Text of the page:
As we love that little chipmunk, we want to point out that the post below was originally published on Hipmunk's Tailwind Blog on January 7, 2016.
One by one, major American airlines have been changing their loyalty program policies from a distance-based system to a price-based system, causing some angst among frequent travelers. After announcements from Delta and United last year, American Airlines was the final hold out until November 18, when they announced changes to AAdvantage. At all three of these airlines, frequent flier miles will now be determined by the price of the ticket rather than by the distance flown, as it was in the past. Here’s an in-depth look at what exactly has shifted — and what this means for travelers across the board.
Delta Air Lines
In 2014, Delta was the first of the major airlines to update their program. Their SkyMiles rewards were already unpopular with customers, who jokingly referred to them as SkyPesos. Delta began by eliminating mileage redemptions charts from their website. Redemptions are now based on market value and demand, which makes it more difficult for customers to estimate costs when booking. They also created higher spending thresholds for Medallion members. Travelers will need 20% more Medallion Qualification Dollars to qualify for elite levels, which allow for better travel upgrades and more miles-per-dollar rewards.
On the plus side, Delta increased the number of flights that are redeemable for either 7,500 or 10,000 points, making some domestic trips easier for travelers looking to cash in their miles. These numbers may vary after June 1, 2016, so keep your eyes open for changes.
Changes were similar at United, the next airline to make the shift from miles-based rewards to price-based rewards, which went into effect on February 1, 2015. Miles needed to qualify for domestic flights remained the same, but international flights require huge increases in miles. United also made it much more difficult to redeem miles on partner airlines, such as Swiss or Lufthansa, even though United serves fewer destinations. The system also increases rewards for higher level program members. Travelers enrolled at the base level will receive five miles per dollar spent, while top levels will yield 11 miles per dollar, a change that can reduce award miles up to 51% on a given trip.
American Airlines actually created one of the first mileage-based loyalty programs in 1981, and it was the last hold out of the major carriers in clinging to its old system. Their changes will go into effect in the latter half of 2016, with an exact date unknown. Those looking to take advantage of the old rules should book their travel before March 21, 2016, especially because popular flights to Europe and Asia will require more points than they did under the old loyalty program.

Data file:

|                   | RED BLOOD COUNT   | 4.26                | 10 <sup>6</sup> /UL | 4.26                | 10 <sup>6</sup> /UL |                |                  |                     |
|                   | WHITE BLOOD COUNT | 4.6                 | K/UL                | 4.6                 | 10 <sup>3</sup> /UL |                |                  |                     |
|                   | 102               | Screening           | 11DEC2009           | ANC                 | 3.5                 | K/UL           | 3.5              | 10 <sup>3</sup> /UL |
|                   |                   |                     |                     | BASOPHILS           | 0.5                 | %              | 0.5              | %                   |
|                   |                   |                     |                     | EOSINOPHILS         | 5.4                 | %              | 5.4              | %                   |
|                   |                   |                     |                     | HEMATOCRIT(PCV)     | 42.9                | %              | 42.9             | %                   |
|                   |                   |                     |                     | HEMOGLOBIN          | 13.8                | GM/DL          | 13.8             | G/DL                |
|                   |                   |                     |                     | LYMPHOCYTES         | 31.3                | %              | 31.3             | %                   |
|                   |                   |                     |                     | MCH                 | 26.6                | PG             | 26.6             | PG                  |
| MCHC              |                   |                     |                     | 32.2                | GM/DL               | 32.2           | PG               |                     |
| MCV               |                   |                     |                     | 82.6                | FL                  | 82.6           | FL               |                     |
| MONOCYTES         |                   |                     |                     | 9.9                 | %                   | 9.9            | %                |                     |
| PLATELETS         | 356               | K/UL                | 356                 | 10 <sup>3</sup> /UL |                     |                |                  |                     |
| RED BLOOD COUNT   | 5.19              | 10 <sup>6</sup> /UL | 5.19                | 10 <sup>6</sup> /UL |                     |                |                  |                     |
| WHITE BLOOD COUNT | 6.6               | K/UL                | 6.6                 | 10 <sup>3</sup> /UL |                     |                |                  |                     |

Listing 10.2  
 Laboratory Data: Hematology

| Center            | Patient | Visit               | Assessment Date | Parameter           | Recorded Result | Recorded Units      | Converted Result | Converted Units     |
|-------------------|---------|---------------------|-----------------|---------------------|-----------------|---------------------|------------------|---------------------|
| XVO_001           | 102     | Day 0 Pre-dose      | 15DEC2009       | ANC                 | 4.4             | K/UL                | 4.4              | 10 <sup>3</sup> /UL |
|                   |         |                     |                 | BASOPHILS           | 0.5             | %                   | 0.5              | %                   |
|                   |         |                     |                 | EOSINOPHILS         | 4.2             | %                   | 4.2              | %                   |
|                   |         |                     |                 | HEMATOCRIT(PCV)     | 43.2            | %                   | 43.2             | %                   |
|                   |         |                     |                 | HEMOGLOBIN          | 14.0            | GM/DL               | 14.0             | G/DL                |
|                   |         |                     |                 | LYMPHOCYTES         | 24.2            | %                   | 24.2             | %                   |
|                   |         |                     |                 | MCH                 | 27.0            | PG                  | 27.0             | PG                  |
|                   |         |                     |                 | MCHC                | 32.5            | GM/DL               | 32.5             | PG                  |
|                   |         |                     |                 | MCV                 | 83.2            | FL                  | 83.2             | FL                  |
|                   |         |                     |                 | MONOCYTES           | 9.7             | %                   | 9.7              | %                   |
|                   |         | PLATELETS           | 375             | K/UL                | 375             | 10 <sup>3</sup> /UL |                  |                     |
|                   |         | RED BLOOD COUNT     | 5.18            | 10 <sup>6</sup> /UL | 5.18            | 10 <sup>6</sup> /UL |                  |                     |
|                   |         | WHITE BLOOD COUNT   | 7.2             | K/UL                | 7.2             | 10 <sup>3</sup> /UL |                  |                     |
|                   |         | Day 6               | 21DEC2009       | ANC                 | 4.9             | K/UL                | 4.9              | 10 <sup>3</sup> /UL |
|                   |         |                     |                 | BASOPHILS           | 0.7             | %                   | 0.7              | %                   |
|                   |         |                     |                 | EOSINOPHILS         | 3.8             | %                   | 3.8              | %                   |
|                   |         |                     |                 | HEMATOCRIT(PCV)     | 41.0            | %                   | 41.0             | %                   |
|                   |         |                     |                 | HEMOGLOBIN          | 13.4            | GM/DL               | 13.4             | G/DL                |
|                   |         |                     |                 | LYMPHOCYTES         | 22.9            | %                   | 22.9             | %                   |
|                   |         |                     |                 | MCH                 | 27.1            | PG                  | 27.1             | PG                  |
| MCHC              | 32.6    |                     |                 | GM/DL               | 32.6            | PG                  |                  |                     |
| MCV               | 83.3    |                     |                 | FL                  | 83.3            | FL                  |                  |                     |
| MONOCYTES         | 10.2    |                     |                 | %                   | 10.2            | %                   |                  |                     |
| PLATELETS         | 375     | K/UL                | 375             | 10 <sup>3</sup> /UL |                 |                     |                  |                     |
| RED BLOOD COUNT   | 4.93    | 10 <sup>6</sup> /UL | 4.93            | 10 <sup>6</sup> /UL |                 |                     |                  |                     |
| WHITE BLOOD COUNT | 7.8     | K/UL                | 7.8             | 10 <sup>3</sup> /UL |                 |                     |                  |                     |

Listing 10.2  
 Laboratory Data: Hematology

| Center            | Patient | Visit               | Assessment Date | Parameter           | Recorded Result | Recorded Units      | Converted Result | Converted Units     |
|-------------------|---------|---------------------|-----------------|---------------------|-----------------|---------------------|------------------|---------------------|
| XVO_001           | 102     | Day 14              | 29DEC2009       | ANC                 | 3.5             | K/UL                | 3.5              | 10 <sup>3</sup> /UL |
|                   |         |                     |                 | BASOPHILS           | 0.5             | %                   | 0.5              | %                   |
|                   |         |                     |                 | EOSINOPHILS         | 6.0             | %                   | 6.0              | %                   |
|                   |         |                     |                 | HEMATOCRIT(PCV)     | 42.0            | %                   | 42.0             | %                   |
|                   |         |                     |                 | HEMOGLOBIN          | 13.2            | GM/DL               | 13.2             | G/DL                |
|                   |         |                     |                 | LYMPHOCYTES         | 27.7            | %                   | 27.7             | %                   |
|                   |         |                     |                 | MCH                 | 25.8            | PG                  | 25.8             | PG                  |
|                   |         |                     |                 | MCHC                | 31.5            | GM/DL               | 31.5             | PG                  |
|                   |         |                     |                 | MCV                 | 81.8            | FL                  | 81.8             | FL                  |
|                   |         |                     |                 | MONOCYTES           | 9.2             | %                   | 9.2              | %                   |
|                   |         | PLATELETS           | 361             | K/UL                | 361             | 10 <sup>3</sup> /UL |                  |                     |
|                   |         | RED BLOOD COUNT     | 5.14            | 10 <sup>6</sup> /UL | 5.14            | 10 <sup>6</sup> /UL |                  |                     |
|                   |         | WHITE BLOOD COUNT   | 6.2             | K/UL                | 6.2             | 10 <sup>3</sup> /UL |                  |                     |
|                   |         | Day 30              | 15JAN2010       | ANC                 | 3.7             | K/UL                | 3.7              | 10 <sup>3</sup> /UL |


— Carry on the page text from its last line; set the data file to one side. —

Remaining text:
Like United, American has introduced a graduated rewards system. The higher your elite status, the more points you’ll get per dollar spent. An AAdvantage member will get 5 miles per dollar, while an Executive Platinum member will get 11. The new rules are better for people who can afford to pay for first or business class tickets, but critics argue they penalize people who find good deals on shorter flights.
There are some advantages to the change, however. Fewer miles (7,500 rather than 12,500) will be required to redeem for flights under 500 miles, such as Los Angeles to San Francisco or Washington Reagan to Boston. The mile requirements have also been reduced for trips to Mexico, the Caribbean, and Central America. And unlike Delta or United, American hasn’t stipulated a minimum spend to qualify for rewards.
The Good News?
The new systems appear to reward travelers who can afford to pay more for their tickets rather than those who search for cheap fares, but there are some consolations as well. All three of the above carriers have emphasized that domestic travel is easier to get for fewer miles, which is a big plus for most casual travelers. Smaller airlines such as Alaska Airlines, Spirit, and Frontier still use distance-based rewards systems, and may be worth exploring for bargain-hunting travelers.
The big airlines aren’t necessarily the bad guys for making these switches. Budget airlines have operated on the price-based system for years. JetBlue made the switch in 2009, and Southwest did it in 2011. And some flyers are actually viewing the changes in a positive light: Travelers are actually rewarded for their loyalty to a particular airline, not for scoring miles by buying unrelated products on credit cards.